Barack Obama’s war on Wall Street has claimed one significant casualty so far: the state of New York. While the Pay Czar claws back bonuses and salaries from bailed-out investment firms, which was a condition of taking the TARP money (not exactly a voluntary act anyway), the big reduction means a big hit in New York state income revenues. Governor David Paterson took the opportunity to slam Obama over the missing money, observes the New York, er, Observer:
David Paterson, ever the friend of the White House, just attacked the Obama administration’s decision to restrict bonus pay with John Gambling on WOR.
“That probably cost New York $1 billion,” Paterson said. “And look, I’m not going to defend these people that run these companies. They’ve frittered away a lot of money in these reckless schemes. But the reality is, in the end, we’ve lost $1 billion dollars because of that act. And there goes that pipe dream legislators engaged in reacting to my cuts.”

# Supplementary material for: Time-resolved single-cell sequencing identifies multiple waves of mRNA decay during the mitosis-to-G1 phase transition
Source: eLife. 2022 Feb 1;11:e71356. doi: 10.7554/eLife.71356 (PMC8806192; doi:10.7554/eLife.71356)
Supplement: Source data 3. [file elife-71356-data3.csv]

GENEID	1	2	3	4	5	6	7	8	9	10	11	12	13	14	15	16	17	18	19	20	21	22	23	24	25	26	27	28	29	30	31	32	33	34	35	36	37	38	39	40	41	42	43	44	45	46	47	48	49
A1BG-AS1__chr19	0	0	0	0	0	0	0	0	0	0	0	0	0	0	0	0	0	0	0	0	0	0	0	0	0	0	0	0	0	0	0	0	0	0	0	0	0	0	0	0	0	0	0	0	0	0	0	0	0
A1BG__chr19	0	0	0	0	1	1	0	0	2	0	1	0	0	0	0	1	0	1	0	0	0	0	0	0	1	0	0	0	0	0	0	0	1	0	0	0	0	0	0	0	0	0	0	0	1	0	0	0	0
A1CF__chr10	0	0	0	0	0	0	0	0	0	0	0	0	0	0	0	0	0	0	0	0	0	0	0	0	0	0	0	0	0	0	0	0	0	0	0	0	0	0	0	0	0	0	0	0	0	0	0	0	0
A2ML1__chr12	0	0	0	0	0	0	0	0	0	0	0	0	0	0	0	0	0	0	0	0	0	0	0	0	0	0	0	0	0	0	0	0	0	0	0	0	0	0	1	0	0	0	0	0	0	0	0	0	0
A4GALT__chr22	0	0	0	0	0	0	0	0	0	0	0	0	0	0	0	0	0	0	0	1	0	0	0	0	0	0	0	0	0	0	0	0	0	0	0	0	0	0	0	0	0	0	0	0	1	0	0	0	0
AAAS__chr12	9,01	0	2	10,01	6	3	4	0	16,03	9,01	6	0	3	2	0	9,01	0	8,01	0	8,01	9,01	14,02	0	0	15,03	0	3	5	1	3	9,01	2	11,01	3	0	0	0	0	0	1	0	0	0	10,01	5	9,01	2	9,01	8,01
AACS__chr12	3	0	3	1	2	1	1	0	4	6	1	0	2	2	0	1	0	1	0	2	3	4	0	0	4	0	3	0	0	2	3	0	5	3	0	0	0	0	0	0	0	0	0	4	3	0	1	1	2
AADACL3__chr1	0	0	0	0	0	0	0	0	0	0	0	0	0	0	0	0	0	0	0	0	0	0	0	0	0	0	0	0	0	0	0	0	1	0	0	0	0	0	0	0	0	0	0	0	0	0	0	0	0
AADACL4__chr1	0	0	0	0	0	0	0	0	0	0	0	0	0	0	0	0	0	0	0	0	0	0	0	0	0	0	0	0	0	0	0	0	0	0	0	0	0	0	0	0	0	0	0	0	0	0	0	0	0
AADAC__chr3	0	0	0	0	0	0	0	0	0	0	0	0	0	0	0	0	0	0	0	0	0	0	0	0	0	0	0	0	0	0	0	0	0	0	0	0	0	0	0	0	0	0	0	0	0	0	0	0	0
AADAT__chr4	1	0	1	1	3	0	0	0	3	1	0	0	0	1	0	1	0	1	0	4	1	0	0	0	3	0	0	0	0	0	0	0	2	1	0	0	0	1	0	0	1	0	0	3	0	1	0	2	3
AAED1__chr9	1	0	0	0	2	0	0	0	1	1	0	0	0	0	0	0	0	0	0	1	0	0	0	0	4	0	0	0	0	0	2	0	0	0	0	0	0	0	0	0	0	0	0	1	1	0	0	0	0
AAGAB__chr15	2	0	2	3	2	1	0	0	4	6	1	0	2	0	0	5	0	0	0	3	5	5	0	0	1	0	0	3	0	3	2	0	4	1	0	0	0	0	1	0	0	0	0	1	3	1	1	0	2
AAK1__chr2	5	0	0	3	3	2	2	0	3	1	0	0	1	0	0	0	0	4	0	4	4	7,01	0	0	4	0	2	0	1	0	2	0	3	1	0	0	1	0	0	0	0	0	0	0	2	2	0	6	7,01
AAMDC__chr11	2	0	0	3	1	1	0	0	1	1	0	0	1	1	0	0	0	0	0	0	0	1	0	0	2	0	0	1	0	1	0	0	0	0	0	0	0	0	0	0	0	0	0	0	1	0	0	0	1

This comes as no shock, since the Obama White House publicly pushed Paterson not to run for re-election. Paterson suggested that Obama was just cranky because the President hadn’t accomplished much in his term, and Paterson’s wife suggested that Obama might have something against black governors. By those standards, this is pretty mild.
Paterson apparently seeks to undermine Obama’s populist bragging rights on the clawback. While his progressive wing fumes over Afghanistan and Obama’s tepid support for a public option, Obama must have hoped that stripping Wall Street executives of large amounts of cash would endear himself to their class-warrior hearts. Paterson just reminds everyone that a large and unintended side effect is that the money won’t come to the state coffers, leaving the Empire State with a billion-dollar hole in the budget.
Of course, there are other side effects as well. That money won’t get spent in New York, either, at least not directly. That means the local and state economy will drag as billions of dollars that might go for consumption get seized instead. Paterson fails to mention this, perhaps not wanting to get too supply-side ahead of his primary battle against Andrew Cuomo. We can bet that Rudy Giuliani will eventually pick up that argument, though, and many New Yorkers will understand it when he does.